ALTERNATIVE DISPUTE RESOLUTION MIND MAP

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ALTERNATIVE DISPUTE RESOLUTION MIND MAP by Mind Map: ALTERNATIVE DISPUTE RESOLUTION MIND MAP

1. MEDIATION

1.1. DISADVANTAGES

1.1.1. An agreement or resolution to the conflict may not always be successful. If the parties are unable to reach a mutual agreement, the conflict may then end up in court.

1.1.2. The settlement may not always be fair to both parties. If one party is not as familiar with the mediation process as the other, the experienced party has the chance of "tricking" the inexperienced party into an agreement that is more favorable towards the experienced party.

1.1.3. There are virtually no formal rules in mediation. The mediator has guidelines to abide by, but the discussion and outcomes are solely up to the opposing parties.

1.2. MEDIATOR QUALIFICATIONS

1.2.1. EDUCATION - Mediators typically possess a bachelor's degree, or higher, in a closely related legal field of study.

1.2.2. DETAILED - Mediators must be skilled in the ability to pay attention to detail. The position also requires a person to be extremely thorough.

1.2.3. EXPERIENCE - Courts or other agencies that employ mediators often require a certain amount of hours working alongside a mentor. These hours may be paid or unpaid (voluntary) depending on the agency.

1.2.4. LISTENING - Mediators are not there to judge nor to pick sides. They are simply there to listen. Because of this, mediators must have impeccable active listening skills.

1.2.5. PATIENCE/CALMNESS - Mediating a conflict between two disputing parties is usually a tense and stressful environment. Mediators must remain calm during meetings that may become heated and loud. An ideal candidate will be patient with both parties and understands that an agreement, although a desirable outcome, may not always happen.

1.3. ADVANTAGES

1.3.1. During mediation, disputing parties are directly involved with negotiating their own agreement. The mediator cannot decide whether each party is right or wrong. Instead, the mediator offers a neutral environment for the parties to work out their own differences.

1.3.2. Mediation is conducted in private and all disputes and outcomes are confidential. Both parties are in control of their own positions.

1.3.3. Mediation allows disputing parties to reach a resolution or agreement much faster than bringing their issues in front of judge. This options is also less costly. Lawsuits can end up costing both parties large amounts of money between court and attorney fees. Also, the losing party may end up paying a lot more depending on the conflict and the outcome.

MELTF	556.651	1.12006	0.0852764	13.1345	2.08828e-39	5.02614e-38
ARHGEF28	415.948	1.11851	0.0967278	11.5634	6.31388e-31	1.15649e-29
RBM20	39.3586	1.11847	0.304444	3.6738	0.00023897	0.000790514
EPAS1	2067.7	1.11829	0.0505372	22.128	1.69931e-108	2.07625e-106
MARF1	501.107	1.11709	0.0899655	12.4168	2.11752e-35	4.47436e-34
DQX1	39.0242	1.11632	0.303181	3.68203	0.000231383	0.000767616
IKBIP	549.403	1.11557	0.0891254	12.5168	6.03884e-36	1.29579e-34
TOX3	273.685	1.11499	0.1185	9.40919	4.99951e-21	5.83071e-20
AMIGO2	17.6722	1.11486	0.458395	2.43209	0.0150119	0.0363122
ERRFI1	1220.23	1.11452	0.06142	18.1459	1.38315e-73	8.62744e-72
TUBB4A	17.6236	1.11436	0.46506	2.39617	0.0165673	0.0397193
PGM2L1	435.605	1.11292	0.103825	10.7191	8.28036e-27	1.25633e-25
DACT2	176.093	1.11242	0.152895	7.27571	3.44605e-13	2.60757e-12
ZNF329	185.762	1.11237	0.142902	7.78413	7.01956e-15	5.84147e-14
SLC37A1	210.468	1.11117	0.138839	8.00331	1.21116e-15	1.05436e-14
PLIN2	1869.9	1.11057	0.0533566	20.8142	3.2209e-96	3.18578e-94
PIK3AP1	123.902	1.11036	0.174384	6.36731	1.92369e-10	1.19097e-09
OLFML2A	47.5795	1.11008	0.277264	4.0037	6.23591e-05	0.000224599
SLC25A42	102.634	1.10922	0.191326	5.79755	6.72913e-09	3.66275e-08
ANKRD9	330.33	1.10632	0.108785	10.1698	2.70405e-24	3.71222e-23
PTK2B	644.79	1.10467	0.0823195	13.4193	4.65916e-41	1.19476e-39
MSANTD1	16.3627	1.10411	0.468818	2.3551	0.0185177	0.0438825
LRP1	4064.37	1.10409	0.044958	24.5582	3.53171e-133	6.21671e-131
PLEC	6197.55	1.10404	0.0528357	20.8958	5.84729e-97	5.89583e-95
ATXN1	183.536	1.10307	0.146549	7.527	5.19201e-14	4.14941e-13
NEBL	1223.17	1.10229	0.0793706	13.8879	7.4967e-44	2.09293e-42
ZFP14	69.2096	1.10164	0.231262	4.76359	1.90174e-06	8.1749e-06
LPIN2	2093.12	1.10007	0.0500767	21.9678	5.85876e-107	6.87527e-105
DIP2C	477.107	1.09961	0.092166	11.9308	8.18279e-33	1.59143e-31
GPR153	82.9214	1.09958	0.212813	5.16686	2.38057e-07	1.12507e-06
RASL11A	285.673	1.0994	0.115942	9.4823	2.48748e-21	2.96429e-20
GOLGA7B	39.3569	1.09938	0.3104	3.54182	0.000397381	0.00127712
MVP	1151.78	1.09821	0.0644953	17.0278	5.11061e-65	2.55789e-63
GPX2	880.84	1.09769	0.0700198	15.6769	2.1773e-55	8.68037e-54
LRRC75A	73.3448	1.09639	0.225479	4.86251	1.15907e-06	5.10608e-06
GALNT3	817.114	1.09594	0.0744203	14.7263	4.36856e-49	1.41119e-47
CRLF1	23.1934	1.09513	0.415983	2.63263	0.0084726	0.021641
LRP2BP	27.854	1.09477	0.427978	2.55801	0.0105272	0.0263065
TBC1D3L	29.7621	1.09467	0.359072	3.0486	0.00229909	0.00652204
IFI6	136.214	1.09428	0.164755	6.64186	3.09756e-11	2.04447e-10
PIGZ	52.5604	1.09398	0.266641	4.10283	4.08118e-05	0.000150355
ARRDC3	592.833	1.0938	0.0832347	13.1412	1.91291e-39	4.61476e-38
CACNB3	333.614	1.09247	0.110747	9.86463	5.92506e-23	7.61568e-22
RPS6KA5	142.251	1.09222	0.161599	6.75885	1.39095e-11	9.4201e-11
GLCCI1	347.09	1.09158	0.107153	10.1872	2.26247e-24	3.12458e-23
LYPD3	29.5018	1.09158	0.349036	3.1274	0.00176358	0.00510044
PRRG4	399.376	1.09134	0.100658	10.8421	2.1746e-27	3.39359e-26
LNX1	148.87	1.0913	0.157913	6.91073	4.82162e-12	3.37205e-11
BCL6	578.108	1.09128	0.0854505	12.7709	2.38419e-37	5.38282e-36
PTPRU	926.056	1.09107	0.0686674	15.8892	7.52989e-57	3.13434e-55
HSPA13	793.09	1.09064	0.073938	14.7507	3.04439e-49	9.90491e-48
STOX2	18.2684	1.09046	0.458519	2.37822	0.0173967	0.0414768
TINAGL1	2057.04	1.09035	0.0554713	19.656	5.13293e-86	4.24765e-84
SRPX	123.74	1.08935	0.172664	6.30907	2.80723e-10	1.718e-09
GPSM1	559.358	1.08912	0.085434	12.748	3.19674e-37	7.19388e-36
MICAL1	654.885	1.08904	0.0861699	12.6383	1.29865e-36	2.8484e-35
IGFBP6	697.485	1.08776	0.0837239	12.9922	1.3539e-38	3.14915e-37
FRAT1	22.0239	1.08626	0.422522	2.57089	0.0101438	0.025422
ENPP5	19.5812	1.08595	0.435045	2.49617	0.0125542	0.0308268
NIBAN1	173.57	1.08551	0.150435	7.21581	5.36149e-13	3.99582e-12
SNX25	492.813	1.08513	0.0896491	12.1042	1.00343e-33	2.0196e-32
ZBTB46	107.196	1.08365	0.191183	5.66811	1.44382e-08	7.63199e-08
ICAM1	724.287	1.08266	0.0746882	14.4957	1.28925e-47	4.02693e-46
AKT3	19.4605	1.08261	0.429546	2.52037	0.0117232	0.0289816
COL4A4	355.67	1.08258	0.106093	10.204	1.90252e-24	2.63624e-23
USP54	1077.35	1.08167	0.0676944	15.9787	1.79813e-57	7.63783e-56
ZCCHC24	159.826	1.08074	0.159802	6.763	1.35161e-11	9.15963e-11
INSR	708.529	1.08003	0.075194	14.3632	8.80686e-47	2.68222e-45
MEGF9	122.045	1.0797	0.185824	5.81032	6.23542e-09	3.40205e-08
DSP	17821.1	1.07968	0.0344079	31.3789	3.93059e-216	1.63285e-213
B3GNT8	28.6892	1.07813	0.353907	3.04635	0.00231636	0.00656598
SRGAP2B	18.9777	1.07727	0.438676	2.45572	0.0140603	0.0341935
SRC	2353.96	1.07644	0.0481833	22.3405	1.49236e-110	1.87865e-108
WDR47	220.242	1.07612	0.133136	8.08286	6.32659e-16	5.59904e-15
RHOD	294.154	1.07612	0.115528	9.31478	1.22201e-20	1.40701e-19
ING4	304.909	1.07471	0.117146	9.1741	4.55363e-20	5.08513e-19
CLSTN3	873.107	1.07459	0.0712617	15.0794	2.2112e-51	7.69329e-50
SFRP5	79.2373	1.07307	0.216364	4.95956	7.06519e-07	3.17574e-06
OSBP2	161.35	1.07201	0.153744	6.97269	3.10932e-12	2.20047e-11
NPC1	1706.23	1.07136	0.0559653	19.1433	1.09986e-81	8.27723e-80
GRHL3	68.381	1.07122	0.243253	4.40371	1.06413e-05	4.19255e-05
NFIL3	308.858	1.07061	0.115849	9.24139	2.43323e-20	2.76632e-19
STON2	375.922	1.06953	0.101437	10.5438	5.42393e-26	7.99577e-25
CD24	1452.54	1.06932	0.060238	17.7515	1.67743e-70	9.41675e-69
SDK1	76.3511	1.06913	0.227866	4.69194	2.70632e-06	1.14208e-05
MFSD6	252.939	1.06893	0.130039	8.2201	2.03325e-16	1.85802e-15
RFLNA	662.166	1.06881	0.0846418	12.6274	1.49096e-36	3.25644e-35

2. ARBITRATION

2.1. ADVANTAGES

2.1.1. Arbitration is generally a quicker process than waiting on a trial date. Disputing parties likely want to have their conflict or issue resolved sooner rather than later

2.1.2. The arbitration process is a lot cheaper than a litigation process. This is because of how fast the process is and the issue is usually a lot less complex.

2.1.3. Unlike court trials, arbitrations can typically be scheduled around the persons or parties involved. Court trials are usually scheduled on an over-crowded court calendar.

2.2. DISADVANTAGES

2.2.1. Because arbitrations are usually done in private and away from the public eye, some people feel that the outcome may end up being biased or unfair based on the arbitrator's thoughts and/or beliefs

2.2.2. Arbitration clauses can pose as a "take it or leave it" issue for consumers and employees. Newly hired employees are usually presented with arbitration agreements during their orientation with a new company. Newly hired employees feel pressured into signing the agreement, or otherwise risk the chance of losing the new job.

2.2.3. If the decision made is found to be unfair or illogical, there is no recourse. One or both parties are stuck with the decision as is and cannot do much to fight it again.

2.3. QUALIFICATIONS FOR THE AMERICAN ARBITRATION ASSOCIATION NATIONAL ROSTER OF ARBITRATORS

2.3.1. Minimum of 10 years, senior-level business or professional experience or legal practice

2.3.2. Educational degree. Bachelor's degree is acceptable. A Master's degree or higher is preferred.

2.3.3. A membership in at least one related professional association.

2.3.4. Honors, awards, recognition and citations indicating leadership in closely related field(s).

2.3.5. Training or experience in arbitration and/or other forms of dispute resolutions